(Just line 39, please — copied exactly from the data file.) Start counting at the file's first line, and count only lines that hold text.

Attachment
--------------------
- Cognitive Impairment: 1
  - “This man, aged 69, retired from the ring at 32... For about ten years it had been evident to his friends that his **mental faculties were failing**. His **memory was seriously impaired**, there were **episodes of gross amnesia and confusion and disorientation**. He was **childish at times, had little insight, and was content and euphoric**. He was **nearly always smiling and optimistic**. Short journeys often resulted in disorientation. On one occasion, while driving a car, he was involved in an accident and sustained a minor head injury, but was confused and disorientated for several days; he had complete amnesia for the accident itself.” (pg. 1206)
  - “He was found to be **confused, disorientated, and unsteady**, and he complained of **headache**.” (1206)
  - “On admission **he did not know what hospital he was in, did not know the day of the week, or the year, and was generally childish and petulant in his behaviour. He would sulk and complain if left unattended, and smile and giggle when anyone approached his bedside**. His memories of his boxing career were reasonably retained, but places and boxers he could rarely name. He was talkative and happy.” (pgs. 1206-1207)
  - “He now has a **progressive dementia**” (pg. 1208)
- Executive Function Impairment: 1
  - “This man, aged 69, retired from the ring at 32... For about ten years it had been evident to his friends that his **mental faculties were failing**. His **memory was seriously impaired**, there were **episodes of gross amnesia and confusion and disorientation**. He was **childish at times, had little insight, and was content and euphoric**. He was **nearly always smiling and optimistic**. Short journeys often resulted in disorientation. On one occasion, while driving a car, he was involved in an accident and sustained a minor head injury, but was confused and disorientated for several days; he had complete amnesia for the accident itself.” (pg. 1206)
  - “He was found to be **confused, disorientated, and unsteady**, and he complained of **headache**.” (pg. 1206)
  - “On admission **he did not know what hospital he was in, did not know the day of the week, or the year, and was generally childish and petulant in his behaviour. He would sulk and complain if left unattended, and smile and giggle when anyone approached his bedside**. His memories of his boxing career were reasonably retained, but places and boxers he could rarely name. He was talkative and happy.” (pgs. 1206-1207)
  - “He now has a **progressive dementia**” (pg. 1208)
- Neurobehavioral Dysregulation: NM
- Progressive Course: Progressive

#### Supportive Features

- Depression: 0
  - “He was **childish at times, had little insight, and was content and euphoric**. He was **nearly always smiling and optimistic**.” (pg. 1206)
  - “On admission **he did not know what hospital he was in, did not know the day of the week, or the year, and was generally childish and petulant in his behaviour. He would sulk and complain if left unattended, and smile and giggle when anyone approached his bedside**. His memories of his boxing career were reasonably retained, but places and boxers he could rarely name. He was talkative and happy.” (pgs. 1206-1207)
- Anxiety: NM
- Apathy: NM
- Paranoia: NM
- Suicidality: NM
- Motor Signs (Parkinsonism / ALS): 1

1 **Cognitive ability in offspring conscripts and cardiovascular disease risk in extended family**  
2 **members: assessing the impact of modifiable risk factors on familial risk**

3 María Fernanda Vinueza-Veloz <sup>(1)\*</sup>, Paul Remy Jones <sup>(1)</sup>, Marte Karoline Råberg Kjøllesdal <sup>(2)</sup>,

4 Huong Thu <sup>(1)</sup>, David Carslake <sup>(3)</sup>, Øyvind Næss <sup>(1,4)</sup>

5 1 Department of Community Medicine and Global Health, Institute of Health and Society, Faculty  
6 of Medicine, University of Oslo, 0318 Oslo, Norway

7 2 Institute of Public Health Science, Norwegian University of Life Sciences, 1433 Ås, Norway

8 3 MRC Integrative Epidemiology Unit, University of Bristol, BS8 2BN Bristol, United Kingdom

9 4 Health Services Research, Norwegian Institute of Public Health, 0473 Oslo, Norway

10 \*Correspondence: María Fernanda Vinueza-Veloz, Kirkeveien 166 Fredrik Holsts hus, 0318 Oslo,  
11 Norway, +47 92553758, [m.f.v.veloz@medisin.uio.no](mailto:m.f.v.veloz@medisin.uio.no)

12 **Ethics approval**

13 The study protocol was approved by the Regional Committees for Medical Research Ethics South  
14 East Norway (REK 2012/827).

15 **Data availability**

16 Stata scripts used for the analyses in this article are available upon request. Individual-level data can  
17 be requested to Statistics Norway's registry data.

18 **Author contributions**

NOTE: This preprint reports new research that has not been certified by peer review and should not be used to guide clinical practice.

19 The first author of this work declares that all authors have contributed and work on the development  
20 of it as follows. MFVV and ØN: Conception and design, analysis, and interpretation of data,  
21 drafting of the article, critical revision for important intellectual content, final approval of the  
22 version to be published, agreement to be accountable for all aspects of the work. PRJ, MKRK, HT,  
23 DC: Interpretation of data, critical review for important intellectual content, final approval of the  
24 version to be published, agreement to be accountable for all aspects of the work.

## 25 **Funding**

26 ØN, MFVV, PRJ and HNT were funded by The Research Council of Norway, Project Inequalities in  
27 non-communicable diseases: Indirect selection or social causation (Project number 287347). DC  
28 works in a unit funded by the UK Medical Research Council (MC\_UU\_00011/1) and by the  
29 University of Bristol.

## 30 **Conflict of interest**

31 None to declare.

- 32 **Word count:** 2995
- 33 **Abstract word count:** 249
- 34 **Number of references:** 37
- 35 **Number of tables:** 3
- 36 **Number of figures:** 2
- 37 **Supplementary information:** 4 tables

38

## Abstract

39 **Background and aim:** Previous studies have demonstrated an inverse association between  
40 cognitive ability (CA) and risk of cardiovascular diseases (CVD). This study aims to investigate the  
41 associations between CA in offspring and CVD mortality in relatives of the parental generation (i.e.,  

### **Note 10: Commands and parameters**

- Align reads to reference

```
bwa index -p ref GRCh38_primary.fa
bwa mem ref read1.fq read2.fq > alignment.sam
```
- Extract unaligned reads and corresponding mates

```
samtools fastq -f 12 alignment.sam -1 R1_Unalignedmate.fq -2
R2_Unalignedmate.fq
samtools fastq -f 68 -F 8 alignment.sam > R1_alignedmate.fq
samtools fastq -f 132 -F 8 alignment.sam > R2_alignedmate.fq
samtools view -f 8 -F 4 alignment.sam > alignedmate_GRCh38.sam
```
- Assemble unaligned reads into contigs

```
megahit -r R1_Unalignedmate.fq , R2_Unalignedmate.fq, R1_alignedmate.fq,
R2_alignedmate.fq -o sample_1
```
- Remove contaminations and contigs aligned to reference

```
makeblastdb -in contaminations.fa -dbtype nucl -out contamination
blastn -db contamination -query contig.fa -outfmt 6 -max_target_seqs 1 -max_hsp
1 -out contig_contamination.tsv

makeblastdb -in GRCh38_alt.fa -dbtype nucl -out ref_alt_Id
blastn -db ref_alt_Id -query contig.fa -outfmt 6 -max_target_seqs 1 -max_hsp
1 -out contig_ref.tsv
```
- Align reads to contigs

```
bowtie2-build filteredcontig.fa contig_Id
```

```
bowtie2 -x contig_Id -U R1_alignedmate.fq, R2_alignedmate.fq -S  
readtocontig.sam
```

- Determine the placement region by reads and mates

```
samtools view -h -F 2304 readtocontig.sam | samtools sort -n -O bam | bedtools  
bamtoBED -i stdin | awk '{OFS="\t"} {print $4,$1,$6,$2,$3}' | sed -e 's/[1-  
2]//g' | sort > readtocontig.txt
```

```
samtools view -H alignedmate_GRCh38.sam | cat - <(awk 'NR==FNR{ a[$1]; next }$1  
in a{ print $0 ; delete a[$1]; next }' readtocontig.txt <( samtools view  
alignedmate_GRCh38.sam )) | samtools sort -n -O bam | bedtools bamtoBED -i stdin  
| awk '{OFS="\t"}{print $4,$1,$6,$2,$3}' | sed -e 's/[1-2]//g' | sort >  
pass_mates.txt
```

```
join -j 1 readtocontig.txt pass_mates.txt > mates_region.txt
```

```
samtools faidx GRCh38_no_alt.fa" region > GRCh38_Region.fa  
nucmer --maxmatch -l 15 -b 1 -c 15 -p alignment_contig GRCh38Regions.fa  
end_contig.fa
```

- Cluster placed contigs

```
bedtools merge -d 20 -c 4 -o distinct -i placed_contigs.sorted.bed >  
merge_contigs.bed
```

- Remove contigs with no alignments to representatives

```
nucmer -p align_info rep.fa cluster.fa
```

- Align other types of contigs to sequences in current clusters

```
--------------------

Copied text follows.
18 **Author contributions**